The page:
Outside of certain California legal circles, the Privette doctrine is not well known, but this doctrine provides important liability protections for anyone, including community associations, that hire an independent contractor to perform work on one’s property. Because of these potential liability protections, community association boards and managers should be aware of the Privette doctrine and its exceptions to protect the communities they serve from potential liability stemming from workplace injuries.
The Privette doctrine derives its name from the 1993 California Supreme Court case, Privette v. Superior Court (1993) 5 Cal.4th 689. Prior to this case, California utilized the doctrine of peculiar risk meaning that a person who hired an independent contractor to perform an inherently dangerous job could be held liable for injuries suffered to the independent contractor’s employees while performing that job.
In the Privette case, Privette hired a roofing contractor to install a new roof on the property owner’s duplex. While performing that job, one of the roofer’s employees was badly burned by the hot tar he was carrying when he fell off a ladder to the roof. Privette was not present at the property when the employee’s injuries occurred. The employee sued Privette alleging that Privette was negligent in hiring the roofer and that the doctrine of peculiar risk made Privette liable for his injuries. However, the court in Privette determined that the doctrine of peculiar risk was no longer fair. Why? Because the State’s workers’ compensation system allows injured workers to “recover benefits for injuries ‘arising out of and in the course of the employment’” and when a person or entity hires an independent contractor to perform a job or service, the hirer inherently delegates to that contractor the obligation to perform the work safely and to provide a safe worksite. In light of these reasons, the Privette court held that the hirer of an independent contractor would not be vicariously liable for work-related injuries suffered by the workers of hirer’s independent contractor. The court’s holding would be thereafter called the “Privette doctrine.”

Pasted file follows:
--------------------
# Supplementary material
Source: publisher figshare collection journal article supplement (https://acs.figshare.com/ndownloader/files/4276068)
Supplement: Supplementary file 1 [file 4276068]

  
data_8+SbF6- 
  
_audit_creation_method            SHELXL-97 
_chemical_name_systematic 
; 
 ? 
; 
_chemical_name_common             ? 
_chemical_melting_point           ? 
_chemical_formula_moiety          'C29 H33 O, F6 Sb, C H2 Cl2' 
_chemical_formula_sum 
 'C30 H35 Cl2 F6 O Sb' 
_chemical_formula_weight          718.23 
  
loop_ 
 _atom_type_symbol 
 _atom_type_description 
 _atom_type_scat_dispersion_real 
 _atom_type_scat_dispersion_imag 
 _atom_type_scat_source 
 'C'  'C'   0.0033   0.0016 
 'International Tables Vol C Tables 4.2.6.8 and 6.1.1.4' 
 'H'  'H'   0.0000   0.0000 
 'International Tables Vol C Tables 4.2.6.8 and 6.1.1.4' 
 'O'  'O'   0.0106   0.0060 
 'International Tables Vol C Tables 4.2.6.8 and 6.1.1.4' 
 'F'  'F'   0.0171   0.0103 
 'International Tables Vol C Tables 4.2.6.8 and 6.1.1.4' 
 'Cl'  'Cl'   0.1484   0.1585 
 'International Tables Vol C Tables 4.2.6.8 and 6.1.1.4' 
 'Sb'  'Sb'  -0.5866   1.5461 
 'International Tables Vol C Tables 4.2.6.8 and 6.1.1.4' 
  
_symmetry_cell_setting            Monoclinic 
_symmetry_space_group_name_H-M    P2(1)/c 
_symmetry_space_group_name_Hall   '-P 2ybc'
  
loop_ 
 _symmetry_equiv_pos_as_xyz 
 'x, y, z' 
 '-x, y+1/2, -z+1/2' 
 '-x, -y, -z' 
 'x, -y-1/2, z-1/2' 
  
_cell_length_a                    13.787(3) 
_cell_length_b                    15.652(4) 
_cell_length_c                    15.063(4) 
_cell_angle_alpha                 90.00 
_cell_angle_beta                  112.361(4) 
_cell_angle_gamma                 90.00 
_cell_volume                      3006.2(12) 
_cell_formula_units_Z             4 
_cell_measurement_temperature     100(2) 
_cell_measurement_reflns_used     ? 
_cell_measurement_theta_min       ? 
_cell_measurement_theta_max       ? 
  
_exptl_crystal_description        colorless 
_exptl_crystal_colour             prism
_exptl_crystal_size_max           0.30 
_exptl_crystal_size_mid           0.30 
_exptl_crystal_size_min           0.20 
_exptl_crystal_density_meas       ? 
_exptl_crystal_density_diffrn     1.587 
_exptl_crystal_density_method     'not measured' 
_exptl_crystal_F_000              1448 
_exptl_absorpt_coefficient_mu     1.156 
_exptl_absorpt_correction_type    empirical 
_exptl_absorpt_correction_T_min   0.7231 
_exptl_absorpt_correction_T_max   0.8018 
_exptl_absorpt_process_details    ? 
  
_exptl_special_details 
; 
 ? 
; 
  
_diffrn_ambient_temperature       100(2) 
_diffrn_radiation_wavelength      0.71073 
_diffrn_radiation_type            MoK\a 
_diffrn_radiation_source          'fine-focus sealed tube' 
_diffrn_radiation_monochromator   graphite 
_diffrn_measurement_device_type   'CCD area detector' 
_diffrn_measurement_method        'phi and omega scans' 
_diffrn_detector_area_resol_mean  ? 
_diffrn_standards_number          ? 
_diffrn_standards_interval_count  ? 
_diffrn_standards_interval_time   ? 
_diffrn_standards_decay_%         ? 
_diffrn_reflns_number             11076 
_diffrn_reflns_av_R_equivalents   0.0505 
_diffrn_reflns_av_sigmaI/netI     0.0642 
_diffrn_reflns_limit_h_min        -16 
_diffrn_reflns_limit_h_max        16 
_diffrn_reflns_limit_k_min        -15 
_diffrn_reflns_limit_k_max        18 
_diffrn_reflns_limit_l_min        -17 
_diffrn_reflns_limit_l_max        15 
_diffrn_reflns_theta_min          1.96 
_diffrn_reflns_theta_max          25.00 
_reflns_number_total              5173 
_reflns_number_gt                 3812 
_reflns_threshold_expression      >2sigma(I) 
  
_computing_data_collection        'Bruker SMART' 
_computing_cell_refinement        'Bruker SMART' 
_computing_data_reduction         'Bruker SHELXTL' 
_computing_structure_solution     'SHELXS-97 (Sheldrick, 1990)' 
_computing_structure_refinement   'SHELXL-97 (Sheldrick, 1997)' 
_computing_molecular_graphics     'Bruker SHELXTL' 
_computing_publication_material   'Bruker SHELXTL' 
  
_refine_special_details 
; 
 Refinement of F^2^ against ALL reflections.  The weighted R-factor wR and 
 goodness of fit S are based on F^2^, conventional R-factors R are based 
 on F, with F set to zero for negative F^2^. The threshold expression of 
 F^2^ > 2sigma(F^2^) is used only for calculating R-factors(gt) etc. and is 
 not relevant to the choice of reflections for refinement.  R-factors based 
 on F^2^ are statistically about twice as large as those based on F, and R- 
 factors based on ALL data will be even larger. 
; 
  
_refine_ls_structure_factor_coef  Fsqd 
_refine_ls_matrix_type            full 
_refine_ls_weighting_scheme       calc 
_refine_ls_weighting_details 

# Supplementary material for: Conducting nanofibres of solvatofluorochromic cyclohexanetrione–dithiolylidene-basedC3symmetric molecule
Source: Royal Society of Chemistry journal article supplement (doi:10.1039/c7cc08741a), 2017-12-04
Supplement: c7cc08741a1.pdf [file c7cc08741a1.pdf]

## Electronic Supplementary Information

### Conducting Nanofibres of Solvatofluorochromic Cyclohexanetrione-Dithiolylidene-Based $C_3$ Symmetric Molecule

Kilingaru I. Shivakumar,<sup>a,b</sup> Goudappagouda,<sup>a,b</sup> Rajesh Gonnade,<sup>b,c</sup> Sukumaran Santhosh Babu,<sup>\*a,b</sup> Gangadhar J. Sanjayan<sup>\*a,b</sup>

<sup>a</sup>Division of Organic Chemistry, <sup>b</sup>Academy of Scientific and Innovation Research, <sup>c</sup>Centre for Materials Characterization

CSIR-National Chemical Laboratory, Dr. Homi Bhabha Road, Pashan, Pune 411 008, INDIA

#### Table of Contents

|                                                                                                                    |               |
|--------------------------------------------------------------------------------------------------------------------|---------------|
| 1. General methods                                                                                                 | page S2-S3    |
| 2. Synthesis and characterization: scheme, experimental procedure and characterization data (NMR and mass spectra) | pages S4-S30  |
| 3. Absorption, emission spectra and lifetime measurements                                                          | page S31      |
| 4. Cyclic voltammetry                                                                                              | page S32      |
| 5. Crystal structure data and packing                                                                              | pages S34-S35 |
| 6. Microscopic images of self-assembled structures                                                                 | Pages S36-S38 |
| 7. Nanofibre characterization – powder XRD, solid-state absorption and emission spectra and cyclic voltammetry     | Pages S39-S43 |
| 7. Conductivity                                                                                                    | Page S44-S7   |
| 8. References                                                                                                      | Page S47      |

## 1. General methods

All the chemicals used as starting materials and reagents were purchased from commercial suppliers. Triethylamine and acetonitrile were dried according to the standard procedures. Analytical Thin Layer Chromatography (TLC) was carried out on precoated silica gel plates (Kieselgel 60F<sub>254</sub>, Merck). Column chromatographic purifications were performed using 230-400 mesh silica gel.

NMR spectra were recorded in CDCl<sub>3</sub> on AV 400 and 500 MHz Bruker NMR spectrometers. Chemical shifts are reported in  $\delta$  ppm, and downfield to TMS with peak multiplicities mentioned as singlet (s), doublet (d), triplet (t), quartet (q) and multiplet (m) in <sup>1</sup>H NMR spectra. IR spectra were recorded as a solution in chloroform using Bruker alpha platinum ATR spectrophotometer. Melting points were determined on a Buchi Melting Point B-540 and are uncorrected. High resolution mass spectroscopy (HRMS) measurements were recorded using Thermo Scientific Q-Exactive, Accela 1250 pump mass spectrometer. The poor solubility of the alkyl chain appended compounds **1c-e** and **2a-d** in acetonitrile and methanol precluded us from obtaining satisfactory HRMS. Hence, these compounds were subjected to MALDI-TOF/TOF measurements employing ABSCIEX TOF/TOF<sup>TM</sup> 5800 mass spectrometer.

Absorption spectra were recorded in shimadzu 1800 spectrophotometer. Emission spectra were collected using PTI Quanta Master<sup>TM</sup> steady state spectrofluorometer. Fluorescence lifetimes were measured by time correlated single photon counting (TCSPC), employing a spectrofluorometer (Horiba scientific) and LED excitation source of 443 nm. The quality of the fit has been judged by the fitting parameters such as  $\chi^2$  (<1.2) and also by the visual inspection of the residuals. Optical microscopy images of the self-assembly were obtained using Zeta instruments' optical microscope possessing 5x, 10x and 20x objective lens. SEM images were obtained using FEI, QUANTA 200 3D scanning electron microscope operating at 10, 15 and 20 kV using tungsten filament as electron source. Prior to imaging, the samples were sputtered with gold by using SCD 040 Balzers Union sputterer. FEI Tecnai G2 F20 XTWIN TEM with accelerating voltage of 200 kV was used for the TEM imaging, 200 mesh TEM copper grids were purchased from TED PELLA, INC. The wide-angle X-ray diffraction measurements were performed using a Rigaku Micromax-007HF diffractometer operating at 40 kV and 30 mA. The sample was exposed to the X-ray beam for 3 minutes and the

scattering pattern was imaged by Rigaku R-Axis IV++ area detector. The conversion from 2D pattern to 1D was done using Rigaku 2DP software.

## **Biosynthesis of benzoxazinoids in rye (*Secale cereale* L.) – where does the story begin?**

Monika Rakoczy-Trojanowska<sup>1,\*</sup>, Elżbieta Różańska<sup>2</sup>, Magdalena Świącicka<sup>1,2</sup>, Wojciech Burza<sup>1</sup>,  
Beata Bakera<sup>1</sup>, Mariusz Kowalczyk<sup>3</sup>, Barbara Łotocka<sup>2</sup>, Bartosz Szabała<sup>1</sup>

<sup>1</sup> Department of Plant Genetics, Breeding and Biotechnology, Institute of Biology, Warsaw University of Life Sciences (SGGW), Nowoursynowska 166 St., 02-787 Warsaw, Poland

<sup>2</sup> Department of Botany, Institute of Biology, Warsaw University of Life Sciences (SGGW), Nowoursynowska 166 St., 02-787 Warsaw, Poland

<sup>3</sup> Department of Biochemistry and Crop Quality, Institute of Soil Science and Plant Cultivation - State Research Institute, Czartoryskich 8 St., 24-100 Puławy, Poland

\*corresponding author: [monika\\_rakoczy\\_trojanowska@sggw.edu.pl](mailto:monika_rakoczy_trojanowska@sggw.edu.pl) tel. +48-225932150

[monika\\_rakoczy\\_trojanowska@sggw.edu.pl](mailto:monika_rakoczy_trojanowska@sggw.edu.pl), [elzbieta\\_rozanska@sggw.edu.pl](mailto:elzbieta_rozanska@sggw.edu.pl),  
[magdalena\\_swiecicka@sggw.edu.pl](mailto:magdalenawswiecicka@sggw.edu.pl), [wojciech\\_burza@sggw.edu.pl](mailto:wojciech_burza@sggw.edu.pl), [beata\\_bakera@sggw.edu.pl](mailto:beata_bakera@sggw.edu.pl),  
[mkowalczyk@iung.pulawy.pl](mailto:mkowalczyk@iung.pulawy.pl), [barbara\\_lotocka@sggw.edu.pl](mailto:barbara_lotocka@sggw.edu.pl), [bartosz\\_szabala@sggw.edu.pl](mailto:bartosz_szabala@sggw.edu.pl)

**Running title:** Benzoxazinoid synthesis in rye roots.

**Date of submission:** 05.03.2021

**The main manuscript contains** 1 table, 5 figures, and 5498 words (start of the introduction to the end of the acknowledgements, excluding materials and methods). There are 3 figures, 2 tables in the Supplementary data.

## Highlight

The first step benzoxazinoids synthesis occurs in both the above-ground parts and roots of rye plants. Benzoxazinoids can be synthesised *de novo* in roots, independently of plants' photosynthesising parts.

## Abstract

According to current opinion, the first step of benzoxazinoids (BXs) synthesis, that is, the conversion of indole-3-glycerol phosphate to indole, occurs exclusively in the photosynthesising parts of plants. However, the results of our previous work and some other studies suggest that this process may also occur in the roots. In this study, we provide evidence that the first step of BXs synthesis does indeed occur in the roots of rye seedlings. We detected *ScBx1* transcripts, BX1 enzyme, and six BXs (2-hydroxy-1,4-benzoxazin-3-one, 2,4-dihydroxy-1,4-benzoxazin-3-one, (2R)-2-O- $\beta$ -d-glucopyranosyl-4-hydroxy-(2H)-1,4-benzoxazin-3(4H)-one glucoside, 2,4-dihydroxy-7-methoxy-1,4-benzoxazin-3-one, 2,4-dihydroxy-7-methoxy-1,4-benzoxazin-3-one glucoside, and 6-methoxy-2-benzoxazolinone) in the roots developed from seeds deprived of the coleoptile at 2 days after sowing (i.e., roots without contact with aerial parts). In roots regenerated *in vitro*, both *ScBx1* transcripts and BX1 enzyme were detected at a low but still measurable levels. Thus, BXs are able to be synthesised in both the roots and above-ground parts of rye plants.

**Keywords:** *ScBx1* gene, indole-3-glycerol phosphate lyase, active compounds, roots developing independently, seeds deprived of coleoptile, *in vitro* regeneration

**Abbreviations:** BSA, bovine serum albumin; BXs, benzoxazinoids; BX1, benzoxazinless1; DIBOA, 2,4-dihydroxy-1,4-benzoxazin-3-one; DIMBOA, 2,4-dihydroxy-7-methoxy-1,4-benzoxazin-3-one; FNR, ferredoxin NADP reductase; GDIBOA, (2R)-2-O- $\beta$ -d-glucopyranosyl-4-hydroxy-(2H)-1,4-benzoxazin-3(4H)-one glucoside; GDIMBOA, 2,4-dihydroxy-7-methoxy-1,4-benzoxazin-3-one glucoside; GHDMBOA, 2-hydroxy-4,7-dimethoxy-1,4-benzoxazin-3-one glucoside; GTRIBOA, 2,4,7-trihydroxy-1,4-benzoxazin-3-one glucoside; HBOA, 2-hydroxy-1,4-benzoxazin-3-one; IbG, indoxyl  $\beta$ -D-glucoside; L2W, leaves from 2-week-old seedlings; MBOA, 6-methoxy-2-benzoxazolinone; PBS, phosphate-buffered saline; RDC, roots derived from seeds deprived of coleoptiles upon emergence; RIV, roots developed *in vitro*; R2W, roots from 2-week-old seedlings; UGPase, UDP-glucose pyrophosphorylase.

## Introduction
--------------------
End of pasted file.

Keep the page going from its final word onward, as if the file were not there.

There are two elements to the Privette doctrine, which together create a rebuttable presumption in favor of a defendant hirer. The first element is that the defendant hirer must establish that the plaintiff worker was either the independent contractor or worked for the independent contractor when the plaintiff’s injuries or death occurred. The second element is that the defendant hired the plaintiff directly or hired the plaintiff’s employer when the plaintiff’s injuries or death occurred. If a defendant hirer can establish both elements of the Privette doctrine, the burden of proof shifts to the plaintiff worker who must prove that an exception to the Privette doctrine applies.
There are currently three exceptions to the Privette doctrine, which if proven by a plaintiff worker could expose the defendant hirer to liability:
1) Retained Control Exception – Under the retained control exception, a person or entity that hires an independent contractor will not be liable for work-related injuries to the independent contractor’s employees unless the hirer retained control over the safety conditions at a jobsite and by negligently exercising that retained control the hirer affirmatively contributed to the worker’s injuries. (See Hooker v. Department of Transportation (2002) 27 Cal.4th 198.)